But the bunker is cavernous, so aside from the generators and boilers there is room for the showpiece: an enormous (2000 m3) insulated water tank for heat storage. Hot water from the thermal solar collectors is stored there overnight; the heat is released in the early morning when heating demand comes on. As a result, the power output from the boilers need only be about half the size as they would be without heat storage (6.5 MW as opposed to 11 MW without). This means huge savings with respect to the cost of the boilers, but it also means that much less fuel and therefore far fewer greenhouse gases are emitted as a result. The thermal storage also makes it possible to recover heat from the nearby Nordische Oelwerke plant, heat that would otherwise be wasted.


Looking out from Cafe Vju

As an engineering prof from TUHH told me, “they threw in everything they could think of”; and indeed, the bunker has become a demonstration project for a variety of technologies. This really matters: people are understandably reluctant to invest in unproven technologies, which is why successful demonstration projects are so valuable. (Even so, acceptance is slow in coming in some areas; some the appartment building owners near the heating grid have refused the connection, even though it was shown to them that an annual saving of 40 Euro cents per square meter would be realized, and that the building would become eligible for an energy conservation subsidy. Go figure.)

Be that as it may, the massive building still looms over the neighbourhood, but is now a benevolent, warm, tamed giant. The elevator to the eight floor opens onto Café Vju (pronounced “view”), a pleasant setting with a bare-concrete-chic décor and one of the very best views of the city.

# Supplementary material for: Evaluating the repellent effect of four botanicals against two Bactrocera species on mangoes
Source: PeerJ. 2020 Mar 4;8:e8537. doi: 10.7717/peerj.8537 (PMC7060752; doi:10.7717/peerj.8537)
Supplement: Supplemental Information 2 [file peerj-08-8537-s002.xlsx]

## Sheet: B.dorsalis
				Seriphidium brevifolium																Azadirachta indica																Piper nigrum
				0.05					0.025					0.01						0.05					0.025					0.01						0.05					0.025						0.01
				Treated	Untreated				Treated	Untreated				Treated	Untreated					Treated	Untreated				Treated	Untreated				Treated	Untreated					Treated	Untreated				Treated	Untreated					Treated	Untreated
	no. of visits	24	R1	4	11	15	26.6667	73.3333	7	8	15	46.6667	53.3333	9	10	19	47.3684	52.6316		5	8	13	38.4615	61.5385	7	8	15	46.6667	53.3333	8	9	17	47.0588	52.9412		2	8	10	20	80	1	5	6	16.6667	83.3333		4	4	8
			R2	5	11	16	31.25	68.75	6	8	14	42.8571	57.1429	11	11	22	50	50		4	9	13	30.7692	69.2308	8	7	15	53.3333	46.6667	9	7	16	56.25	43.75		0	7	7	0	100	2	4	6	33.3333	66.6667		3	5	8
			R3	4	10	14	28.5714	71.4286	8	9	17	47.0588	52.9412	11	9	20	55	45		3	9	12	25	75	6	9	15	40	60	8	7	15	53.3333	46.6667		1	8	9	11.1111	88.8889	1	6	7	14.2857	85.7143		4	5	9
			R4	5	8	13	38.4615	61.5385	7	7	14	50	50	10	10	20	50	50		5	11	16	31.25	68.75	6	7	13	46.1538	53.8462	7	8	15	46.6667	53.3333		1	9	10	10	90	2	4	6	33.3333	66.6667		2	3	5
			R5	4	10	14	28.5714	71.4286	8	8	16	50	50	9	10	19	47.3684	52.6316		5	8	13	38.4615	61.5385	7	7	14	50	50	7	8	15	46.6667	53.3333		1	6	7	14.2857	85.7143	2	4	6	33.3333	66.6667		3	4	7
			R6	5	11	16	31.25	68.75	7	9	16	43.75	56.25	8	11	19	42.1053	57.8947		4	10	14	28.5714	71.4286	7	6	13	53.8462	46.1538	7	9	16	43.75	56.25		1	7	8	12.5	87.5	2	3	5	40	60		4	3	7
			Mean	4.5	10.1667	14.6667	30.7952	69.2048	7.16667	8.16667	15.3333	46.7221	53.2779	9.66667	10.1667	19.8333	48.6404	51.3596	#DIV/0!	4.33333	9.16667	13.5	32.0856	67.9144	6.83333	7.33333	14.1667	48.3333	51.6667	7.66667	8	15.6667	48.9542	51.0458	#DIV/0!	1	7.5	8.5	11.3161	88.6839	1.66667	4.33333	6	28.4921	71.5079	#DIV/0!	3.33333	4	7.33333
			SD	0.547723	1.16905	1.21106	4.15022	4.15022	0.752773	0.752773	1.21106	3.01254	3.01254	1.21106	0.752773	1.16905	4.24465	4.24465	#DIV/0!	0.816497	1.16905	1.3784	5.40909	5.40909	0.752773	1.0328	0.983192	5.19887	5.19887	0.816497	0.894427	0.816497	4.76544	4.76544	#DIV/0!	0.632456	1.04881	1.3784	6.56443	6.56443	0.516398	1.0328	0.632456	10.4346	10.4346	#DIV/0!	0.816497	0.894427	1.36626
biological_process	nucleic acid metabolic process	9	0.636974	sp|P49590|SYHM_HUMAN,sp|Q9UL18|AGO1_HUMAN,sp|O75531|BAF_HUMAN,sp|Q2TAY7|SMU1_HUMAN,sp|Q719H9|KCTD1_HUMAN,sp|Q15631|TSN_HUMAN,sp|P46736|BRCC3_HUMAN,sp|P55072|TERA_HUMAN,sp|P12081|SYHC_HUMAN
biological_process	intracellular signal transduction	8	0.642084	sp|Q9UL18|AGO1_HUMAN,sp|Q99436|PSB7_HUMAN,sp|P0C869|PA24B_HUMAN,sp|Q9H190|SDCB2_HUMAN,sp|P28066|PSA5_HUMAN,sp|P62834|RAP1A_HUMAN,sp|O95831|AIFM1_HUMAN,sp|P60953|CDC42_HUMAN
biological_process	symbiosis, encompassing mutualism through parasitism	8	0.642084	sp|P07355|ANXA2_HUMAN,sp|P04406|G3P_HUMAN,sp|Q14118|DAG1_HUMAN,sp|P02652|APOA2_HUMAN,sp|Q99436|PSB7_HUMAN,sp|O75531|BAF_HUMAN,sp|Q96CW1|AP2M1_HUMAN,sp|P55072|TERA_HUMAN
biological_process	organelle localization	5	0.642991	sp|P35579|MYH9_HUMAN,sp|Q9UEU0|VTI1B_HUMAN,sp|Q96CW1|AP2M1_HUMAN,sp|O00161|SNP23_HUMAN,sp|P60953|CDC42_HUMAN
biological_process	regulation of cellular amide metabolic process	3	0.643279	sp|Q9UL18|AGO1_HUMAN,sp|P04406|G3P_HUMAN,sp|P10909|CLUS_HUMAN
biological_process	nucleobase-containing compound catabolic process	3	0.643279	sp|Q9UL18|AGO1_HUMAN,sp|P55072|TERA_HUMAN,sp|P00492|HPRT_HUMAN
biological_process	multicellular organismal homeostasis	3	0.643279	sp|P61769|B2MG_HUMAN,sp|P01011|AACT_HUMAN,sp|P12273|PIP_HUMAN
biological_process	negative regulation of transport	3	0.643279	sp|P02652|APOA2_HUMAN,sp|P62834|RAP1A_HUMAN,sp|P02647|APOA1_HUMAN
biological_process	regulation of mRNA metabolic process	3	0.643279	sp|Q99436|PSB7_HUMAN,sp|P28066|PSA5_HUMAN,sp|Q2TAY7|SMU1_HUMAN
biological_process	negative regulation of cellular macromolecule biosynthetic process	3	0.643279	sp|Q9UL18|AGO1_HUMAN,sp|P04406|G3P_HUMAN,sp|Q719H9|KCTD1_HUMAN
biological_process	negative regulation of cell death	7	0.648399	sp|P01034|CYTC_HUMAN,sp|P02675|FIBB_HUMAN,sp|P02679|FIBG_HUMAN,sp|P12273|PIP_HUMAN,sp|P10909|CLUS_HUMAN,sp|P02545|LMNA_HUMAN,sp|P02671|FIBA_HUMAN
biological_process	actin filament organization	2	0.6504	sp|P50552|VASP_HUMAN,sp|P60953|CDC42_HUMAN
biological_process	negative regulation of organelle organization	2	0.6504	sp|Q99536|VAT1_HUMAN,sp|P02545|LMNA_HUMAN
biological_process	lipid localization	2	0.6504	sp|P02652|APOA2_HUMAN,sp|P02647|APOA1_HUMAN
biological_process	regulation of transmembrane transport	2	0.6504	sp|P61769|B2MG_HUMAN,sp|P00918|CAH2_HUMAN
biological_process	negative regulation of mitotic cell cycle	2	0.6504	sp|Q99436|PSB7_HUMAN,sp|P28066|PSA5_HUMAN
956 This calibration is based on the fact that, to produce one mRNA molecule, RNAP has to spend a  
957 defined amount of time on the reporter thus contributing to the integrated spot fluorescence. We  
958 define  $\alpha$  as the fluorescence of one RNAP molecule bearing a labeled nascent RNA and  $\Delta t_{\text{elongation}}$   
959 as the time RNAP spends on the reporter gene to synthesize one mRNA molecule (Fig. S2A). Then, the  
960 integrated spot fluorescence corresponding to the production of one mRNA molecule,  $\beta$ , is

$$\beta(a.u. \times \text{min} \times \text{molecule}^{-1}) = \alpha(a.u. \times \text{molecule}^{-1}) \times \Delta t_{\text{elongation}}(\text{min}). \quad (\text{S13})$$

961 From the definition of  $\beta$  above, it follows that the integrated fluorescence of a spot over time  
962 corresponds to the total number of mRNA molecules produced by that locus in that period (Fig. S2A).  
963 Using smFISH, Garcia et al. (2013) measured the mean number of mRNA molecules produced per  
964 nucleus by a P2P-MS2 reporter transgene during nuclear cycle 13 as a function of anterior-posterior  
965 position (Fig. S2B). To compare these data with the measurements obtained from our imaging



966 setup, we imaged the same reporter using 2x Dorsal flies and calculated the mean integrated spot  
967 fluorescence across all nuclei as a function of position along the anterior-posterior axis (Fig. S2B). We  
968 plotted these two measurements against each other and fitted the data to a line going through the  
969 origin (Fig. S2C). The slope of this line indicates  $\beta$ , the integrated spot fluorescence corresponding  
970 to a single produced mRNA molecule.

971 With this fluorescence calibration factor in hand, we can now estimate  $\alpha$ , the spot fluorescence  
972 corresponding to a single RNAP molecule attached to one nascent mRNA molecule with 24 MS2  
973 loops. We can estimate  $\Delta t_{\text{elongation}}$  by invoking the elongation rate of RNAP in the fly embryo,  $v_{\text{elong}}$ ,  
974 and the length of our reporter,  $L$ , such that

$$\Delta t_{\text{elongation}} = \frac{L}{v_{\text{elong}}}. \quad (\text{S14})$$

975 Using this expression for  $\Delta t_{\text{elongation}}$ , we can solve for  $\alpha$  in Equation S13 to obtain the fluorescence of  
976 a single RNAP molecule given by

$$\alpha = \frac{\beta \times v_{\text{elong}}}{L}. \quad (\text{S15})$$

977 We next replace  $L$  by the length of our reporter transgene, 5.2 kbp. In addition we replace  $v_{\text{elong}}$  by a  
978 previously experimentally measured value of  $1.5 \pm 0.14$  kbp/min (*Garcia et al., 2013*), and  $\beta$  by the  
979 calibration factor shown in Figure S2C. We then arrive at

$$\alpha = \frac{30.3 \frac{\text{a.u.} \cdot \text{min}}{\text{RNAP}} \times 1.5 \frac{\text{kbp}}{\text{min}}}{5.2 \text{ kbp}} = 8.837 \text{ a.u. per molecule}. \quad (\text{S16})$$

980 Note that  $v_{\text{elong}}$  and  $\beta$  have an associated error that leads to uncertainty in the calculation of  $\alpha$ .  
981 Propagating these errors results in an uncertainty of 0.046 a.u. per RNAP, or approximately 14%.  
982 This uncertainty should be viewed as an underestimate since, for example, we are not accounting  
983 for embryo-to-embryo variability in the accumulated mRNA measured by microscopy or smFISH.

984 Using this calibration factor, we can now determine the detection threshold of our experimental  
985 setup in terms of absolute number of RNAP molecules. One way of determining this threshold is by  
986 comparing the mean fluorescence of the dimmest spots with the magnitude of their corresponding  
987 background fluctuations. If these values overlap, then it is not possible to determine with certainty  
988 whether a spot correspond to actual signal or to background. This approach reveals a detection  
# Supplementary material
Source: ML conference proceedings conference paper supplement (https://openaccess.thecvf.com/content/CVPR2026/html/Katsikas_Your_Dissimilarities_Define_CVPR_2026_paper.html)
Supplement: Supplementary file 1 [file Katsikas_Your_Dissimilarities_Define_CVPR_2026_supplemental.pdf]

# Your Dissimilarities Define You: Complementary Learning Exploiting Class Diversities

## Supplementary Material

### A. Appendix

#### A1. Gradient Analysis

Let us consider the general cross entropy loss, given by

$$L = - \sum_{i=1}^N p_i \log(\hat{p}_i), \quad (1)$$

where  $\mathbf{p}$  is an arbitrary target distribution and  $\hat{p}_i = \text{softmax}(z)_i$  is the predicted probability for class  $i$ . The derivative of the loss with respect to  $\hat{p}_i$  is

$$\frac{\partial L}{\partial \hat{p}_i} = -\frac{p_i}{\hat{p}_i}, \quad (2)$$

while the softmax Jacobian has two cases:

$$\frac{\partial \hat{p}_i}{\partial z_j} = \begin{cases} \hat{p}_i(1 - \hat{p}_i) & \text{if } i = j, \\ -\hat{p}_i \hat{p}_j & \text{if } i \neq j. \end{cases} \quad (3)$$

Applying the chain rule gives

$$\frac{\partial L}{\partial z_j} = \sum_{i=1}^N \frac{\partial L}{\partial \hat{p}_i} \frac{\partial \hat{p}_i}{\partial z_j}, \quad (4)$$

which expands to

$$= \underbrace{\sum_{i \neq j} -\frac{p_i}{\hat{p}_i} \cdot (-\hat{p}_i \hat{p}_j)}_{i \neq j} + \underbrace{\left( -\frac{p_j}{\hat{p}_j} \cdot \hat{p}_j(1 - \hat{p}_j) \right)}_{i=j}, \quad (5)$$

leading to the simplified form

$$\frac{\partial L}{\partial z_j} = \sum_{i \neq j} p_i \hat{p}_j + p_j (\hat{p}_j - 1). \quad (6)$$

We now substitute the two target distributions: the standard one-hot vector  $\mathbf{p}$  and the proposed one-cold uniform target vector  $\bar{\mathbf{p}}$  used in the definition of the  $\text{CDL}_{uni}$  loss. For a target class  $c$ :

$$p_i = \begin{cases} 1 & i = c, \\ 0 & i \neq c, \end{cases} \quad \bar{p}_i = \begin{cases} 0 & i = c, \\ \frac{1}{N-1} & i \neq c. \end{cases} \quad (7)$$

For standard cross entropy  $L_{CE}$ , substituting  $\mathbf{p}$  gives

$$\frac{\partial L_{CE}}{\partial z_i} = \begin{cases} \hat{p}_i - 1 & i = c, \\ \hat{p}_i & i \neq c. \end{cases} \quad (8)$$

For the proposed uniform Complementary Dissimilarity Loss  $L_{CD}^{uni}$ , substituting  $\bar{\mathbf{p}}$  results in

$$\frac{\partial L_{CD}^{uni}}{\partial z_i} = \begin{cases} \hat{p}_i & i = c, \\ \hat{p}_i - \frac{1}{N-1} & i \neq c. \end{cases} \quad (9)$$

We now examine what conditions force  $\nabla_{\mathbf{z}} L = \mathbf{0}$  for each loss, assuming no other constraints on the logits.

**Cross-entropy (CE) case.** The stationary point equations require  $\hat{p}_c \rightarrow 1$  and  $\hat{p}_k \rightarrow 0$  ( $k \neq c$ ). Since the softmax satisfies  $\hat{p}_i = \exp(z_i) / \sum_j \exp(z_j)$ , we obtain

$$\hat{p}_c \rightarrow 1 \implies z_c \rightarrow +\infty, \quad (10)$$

And the neighbourhood? Yes, it is gentrifying; that is unavoidable with projectys like these. But here’s the kicker: housing is, if anything, cheaper. The buildings now heated by the bunker pay less for energy than before. Yet most of these belong to SAGA-GWG, a government company that looks after social housing (social, or subsidized, housing comprises a much larger proportion of the housing stock than in Canada); so, rents are controlled. Not bad!

By the numbers:
Solar PV wall: 670 m2, 0.1 MW, generating 78 MWhr
Solar thermal roof: 1350 m2, 750 kW of hot water
Cogenerator: 510 kW electric, 2700 MWh/a; 600 kW thermal, 3750 MWh/a, using biogas from the wastewater plant
Wood chip boiler: 2 MW thermal, 10,500 MWh/a
Natural gas boiler: 2.15 MW thermal, 3570 MWh/a (used for peak loads only)
Recycled waste heat: 500 kW, 4000 MWh/a
CO2 savings: 6,600 tonnes/a
Production: 22,500 Mwh/a of heat for 3000 homes in a 0.5 km2 area , 3000 MWh/a of electricity for 1000 homes

How do you recycle a bunker, part one, is here, and part two is here.


Written by enviropaul

November 11, 2015 at 9:42 am

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  1. […] control system, are the windmills of the Energieberg, and the large generating capacity of the Energiebunker, all developed as part of the […]